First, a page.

3.  People Incarcerated Rely More on Public Assistance as a Source of Income

People incarcerated in jail or prison are more likely to be unemployed and rely on public assistance for a source of income compared with their non-incarcerated counterparts. In addition, incarcerated people surveyed were less likely to report personal earnings as a primary source of income in the month prior to incarceration than those not incarcerated. Furthermore, when asked about sources of income during the time since they were incarcerated, nearly one-third stated that public assistance programs were a primary form of income at some point within the past 12 months after being released from jail or prison. This is especially true for women who have been involved in the criminal justice system due to lack of childcare options outside prison walls. It is a fact that many women have been imprisoned for nonviolent, drug related crimes relating to their children being in foster care, and after they have served time, they are required to pay large child support fees.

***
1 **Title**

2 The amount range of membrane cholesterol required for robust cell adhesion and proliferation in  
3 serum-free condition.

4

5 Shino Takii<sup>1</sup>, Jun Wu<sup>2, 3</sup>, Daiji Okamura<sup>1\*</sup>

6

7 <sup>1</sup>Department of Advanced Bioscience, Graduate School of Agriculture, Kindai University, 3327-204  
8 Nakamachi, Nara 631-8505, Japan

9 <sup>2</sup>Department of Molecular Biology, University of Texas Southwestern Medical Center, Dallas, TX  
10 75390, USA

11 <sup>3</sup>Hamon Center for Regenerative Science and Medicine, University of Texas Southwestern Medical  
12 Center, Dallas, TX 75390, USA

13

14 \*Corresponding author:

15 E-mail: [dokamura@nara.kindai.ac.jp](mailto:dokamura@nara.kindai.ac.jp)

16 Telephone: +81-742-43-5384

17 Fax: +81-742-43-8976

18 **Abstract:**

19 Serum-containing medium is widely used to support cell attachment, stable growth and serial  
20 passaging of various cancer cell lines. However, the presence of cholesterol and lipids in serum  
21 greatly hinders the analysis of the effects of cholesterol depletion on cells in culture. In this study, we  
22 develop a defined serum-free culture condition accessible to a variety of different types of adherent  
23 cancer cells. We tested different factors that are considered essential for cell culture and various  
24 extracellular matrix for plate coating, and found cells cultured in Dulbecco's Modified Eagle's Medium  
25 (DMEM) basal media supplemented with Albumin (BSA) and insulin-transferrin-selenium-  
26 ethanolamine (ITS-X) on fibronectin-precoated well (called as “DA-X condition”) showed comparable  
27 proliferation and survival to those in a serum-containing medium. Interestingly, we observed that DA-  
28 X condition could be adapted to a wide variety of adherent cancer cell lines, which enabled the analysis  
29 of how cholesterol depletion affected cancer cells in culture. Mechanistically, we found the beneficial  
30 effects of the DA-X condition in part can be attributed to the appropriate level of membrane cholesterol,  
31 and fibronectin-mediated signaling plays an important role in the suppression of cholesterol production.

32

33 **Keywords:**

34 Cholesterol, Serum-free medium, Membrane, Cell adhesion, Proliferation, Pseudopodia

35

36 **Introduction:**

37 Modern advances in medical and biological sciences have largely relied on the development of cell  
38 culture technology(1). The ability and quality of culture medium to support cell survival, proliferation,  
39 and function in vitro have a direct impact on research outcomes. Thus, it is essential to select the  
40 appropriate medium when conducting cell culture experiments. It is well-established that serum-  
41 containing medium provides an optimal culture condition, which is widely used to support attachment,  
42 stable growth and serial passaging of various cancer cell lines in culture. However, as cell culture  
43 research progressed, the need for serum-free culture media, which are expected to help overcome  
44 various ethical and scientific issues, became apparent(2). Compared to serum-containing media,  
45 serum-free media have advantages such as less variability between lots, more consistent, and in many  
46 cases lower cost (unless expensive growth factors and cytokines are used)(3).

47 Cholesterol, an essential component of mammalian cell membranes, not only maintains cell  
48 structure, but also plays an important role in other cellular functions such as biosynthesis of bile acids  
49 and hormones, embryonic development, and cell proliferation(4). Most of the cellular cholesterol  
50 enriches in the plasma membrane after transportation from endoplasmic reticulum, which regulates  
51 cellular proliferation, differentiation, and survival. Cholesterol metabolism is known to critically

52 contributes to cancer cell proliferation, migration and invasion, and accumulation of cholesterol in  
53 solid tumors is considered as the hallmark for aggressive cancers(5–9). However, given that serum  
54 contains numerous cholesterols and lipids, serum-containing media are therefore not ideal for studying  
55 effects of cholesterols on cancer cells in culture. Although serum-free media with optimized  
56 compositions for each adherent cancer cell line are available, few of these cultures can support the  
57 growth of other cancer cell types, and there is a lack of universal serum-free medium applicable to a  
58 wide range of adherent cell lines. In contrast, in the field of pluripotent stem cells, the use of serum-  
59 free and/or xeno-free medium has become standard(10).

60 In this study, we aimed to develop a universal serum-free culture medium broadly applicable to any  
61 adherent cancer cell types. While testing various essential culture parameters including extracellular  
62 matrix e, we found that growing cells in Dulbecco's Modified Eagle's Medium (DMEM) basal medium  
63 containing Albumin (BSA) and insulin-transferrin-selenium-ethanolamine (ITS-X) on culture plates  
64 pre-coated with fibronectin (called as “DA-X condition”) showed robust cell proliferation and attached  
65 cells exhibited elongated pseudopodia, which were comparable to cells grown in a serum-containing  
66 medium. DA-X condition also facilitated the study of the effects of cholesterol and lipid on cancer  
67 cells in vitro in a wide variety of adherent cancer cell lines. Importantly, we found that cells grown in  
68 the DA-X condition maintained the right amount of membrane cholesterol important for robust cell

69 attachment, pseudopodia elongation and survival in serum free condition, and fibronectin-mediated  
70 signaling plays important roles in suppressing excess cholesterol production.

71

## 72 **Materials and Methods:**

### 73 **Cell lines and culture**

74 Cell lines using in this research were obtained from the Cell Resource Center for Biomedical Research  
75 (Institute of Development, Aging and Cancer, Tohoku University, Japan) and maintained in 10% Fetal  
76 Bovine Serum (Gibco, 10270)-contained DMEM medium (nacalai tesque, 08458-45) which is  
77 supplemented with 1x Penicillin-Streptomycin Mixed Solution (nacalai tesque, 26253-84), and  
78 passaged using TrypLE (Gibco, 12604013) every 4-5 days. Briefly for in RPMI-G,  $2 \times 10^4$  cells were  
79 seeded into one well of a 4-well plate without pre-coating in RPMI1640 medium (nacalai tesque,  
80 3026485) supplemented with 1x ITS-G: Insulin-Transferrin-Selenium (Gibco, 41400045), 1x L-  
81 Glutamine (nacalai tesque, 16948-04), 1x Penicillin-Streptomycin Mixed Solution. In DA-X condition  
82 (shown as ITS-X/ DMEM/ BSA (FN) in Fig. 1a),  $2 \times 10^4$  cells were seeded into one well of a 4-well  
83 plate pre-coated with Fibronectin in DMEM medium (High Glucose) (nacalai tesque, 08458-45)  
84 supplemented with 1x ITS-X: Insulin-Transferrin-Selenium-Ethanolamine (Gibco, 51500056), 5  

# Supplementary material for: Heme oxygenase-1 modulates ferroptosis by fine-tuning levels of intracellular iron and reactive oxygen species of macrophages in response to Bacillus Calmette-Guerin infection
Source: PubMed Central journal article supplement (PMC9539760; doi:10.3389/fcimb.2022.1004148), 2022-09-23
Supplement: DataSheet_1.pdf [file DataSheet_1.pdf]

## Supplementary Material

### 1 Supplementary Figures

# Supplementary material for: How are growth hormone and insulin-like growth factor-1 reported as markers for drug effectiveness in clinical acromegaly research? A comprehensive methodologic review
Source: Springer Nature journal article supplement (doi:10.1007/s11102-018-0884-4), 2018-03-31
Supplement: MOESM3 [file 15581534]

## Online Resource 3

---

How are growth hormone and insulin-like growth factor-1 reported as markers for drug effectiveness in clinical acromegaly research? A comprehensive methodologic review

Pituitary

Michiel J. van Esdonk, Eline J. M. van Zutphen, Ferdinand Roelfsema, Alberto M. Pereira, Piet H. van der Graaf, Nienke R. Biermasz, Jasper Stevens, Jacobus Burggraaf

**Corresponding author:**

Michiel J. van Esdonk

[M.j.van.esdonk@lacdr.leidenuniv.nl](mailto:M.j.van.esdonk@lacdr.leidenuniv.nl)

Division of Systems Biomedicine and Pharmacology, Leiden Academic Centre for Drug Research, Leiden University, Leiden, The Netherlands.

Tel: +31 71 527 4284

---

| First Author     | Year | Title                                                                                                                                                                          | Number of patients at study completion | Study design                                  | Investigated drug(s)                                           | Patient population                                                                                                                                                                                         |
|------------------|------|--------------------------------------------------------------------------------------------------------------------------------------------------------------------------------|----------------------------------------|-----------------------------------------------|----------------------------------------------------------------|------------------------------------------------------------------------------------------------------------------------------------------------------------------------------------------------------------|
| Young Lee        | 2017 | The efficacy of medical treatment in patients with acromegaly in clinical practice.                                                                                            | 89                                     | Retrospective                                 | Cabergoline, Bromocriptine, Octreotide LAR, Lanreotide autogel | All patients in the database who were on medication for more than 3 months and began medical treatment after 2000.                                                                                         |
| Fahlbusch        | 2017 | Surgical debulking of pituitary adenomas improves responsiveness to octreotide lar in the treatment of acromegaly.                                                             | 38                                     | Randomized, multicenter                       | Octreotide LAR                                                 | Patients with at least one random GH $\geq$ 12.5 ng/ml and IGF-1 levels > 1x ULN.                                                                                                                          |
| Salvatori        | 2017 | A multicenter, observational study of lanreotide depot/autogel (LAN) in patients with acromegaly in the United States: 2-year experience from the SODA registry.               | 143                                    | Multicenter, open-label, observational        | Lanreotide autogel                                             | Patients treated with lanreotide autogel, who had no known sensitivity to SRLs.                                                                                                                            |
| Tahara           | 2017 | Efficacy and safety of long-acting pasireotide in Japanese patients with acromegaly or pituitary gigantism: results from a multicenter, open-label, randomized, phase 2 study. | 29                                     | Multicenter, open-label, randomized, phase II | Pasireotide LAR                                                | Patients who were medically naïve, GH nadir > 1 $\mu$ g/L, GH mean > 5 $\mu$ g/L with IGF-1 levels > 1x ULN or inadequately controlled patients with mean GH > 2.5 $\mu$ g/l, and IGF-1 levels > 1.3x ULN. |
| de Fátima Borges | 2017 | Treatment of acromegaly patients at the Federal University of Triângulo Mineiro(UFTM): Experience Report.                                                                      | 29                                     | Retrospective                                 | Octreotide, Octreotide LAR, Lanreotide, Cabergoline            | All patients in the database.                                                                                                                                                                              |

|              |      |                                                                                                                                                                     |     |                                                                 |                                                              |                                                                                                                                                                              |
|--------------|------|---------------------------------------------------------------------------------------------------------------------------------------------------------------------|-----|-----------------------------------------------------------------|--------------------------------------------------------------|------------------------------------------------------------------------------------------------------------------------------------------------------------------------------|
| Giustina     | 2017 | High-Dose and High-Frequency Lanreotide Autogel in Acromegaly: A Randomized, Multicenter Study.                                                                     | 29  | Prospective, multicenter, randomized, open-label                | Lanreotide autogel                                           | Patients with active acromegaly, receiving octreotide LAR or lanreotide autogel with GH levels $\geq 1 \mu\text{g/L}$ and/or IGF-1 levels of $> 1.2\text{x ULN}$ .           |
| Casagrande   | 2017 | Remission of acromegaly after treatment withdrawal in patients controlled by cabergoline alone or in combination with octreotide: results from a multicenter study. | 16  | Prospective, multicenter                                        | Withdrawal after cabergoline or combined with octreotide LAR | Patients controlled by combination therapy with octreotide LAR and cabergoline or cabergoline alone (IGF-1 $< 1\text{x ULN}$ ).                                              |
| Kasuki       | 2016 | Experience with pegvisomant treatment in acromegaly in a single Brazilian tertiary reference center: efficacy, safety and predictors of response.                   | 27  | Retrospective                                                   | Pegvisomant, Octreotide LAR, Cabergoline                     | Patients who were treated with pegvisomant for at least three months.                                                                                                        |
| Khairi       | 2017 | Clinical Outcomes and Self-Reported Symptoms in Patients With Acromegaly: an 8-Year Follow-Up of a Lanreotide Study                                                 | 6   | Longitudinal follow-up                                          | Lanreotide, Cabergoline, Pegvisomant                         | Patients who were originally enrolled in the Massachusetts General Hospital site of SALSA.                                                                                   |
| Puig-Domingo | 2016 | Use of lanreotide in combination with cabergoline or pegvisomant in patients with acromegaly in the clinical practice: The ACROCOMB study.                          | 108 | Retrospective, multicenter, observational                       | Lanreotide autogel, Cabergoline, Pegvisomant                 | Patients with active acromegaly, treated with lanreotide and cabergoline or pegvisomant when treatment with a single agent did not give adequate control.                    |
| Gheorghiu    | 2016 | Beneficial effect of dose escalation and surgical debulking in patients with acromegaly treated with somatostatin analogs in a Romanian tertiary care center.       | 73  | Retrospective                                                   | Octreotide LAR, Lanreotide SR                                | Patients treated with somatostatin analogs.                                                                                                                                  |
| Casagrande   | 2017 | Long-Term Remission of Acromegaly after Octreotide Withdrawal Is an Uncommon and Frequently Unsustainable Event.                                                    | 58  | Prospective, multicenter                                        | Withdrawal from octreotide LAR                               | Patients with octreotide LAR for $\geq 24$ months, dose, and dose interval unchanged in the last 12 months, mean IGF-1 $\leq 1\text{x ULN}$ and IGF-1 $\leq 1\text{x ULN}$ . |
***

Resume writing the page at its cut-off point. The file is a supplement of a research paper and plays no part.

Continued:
4.  Incarceration Increases the Risk of Homelessness

People incarcerated in jail or state prison are more likely to have experienced homelessness during their lifetime than those never incarcerated. In addition, incarcerated people surveyed were more likely to have been homeless since they were released from jail or prison compared with those not incarcerated. Furthermore, according to the survey data, incarcerated participants were significantly more likely than non-incarcerated respondents to have experienced homelessness at some point in their lifetime. This is especially true for women who are released from prison into a halfway home with no means of financial support upon release. Often these homes require residents to be employed shortly after leaving jail or prison, but many homeless women do not have jobs when they leave jail. Homelessness is a major problem in the US, and is increasing every year.

5.  People Serving Time in Jail or Prison Report Lower Annual Household Income